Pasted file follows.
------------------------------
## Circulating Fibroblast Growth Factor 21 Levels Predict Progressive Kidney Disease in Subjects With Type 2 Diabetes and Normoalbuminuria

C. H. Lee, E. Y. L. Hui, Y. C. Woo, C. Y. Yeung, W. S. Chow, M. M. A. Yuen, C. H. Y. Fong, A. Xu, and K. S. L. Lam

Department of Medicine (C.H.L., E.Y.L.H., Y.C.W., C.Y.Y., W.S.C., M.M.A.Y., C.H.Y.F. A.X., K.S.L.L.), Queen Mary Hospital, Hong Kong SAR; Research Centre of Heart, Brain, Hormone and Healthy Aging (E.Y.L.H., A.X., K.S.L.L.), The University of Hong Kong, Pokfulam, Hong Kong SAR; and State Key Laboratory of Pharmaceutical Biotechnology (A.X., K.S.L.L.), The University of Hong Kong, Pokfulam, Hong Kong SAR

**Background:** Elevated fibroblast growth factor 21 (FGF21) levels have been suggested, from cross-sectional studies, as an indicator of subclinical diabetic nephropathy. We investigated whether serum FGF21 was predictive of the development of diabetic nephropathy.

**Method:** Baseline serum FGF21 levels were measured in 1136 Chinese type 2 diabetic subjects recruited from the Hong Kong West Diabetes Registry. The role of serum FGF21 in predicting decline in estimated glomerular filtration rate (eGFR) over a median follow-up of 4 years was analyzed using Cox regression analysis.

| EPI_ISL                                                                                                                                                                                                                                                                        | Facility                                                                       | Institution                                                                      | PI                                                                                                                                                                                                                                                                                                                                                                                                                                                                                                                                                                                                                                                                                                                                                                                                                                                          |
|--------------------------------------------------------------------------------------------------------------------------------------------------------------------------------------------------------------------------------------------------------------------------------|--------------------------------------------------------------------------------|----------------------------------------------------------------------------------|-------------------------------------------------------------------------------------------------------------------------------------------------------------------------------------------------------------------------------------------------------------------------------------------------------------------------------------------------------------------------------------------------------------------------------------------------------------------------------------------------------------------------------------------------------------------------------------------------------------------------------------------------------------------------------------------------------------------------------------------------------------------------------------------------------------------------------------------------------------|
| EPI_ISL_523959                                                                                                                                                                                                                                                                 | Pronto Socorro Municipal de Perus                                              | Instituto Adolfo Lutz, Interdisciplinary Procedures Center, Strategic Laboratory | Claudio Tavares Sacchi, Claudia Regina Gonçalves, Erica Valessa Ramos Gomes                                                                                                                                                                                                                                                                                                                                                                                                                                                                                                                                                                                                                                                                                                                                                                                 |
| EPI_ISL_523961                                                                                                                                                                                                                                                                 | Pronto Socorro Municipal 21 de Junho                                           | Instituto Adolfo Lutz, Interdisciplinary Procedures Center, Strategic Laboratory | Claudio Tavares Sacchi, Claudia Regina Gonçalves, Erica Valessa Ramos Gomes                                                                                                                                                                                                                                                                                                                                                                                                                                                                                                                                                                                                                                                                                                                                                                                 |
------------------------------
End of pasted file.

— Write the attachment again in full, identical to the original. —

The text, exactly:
## Circulating Fibroblast Growth Factor 21 Levels Predict Progressive Kidney Disease in Subjects With Type 2 Diabetes and Normoalbuminuria

C. H. Lee, E. Y. L. Hui, Y. C. Woo, C. Y. Yeung, W. S. Chow, M. M. A. Yuen, C. H. Y. Fong, A. Xu, and K. S. L. Lam

Department of Medicine (C.H.L., E.Y.L.H., Y.C.W., C.Y.Y., W.S.C., M.M.A.Y., C.H.Y.F. A.X., K.S.L.L.), Queen Mary Hospital, Hong Kong SAR; Research Centre of Heart, Brain, Hormone and Healthy Aging (E.Y.L.H., A.X., K.S.L.L.), The University of Hong Kong, Pokfulam, Hong Kong SAR; and State Key Laboratory of Pharmaceutical Biotechnology (A.X., K.S.L.L.), The University of Hong Kong, Pokfulam, Hong Kong SAR

**Background:** Elevated fibroblast growth factor 21 (FGF21) levels have been suggested, from cross-sectional studies, as an indicator of subclinical diabetic nephropathy. We investigated whether serum FGF21 was predictive of the development of diabetic nephropathy.

**Method:** Baseline serum FGF21 levels were measured in 1136 Chinese type 2 diabetic subjects recruited from the Hong Kong West Diabetes Registry. The role of serum FGF21 in predicting decline in estimated glomerular filtration rate (eGFR) over a median follow-up of 4 years was analyzed using Cox regression analysis.

| EPI_ISL                                                                                                                                                                                                                                                                        | Facility                                                                       | Institution                                                                      | PI                                                                                                                                                                                                                                                                                                                                                                                                                                                                                                                                                                                                                                                                                                                                                                                                                                                          |
|--------------------------------------------------------------------------------------------------------------------------------------------------------------------------------------------------------------------------------------------------------------------------------|--------------------------------------------------------------------------------|----------------------------------------------------------------------------------|-------------------------------------------------------------------------------------------------------------------------------------------------------------------------------------------------------------------------------------------------------------------------------------------------------------------------------------------------------------------------------------------------------------------------------------------------------------------------------------------------------------------------------------------------------------------------------------------------------------------------------------------------------------------------------------------------------------------------------------------------------------------------------------------------------------------------------------------------------------|
| EPI_ISL_523959                                                                                                                                                                                                                                                                 | Pronto Socorro Municipal de Perus                                              | Instituto Adolfo Lutz, Interdisciplinary Procedures Center, Strategic Laboratory | Claudio Tavares Sacchi, Claudia Regina Gonçalves, Erica Valessa Ramos Gomes                                                                                                                                                                                                                                                                                                                                                                                                                                                                                                                                                                                                                                                                                                                                                                                 |
| EPI_ISL_523961                                                                                                                                                                                                                                                                 | Pronto Socorro Municipal 21 de Junho                                           | Instituto Adolfo Lutz, Interdisciplinary Procedures Center, Strategic Laboratory | Claudio Tavares Sacchi, Claudia Regina Gonçalves, Erica Valessa Ramos Gomes                                                                                                                                                                                                                                                                                                                                                                                                                                                                                                                                                                                                                                                                                                                                                                                 |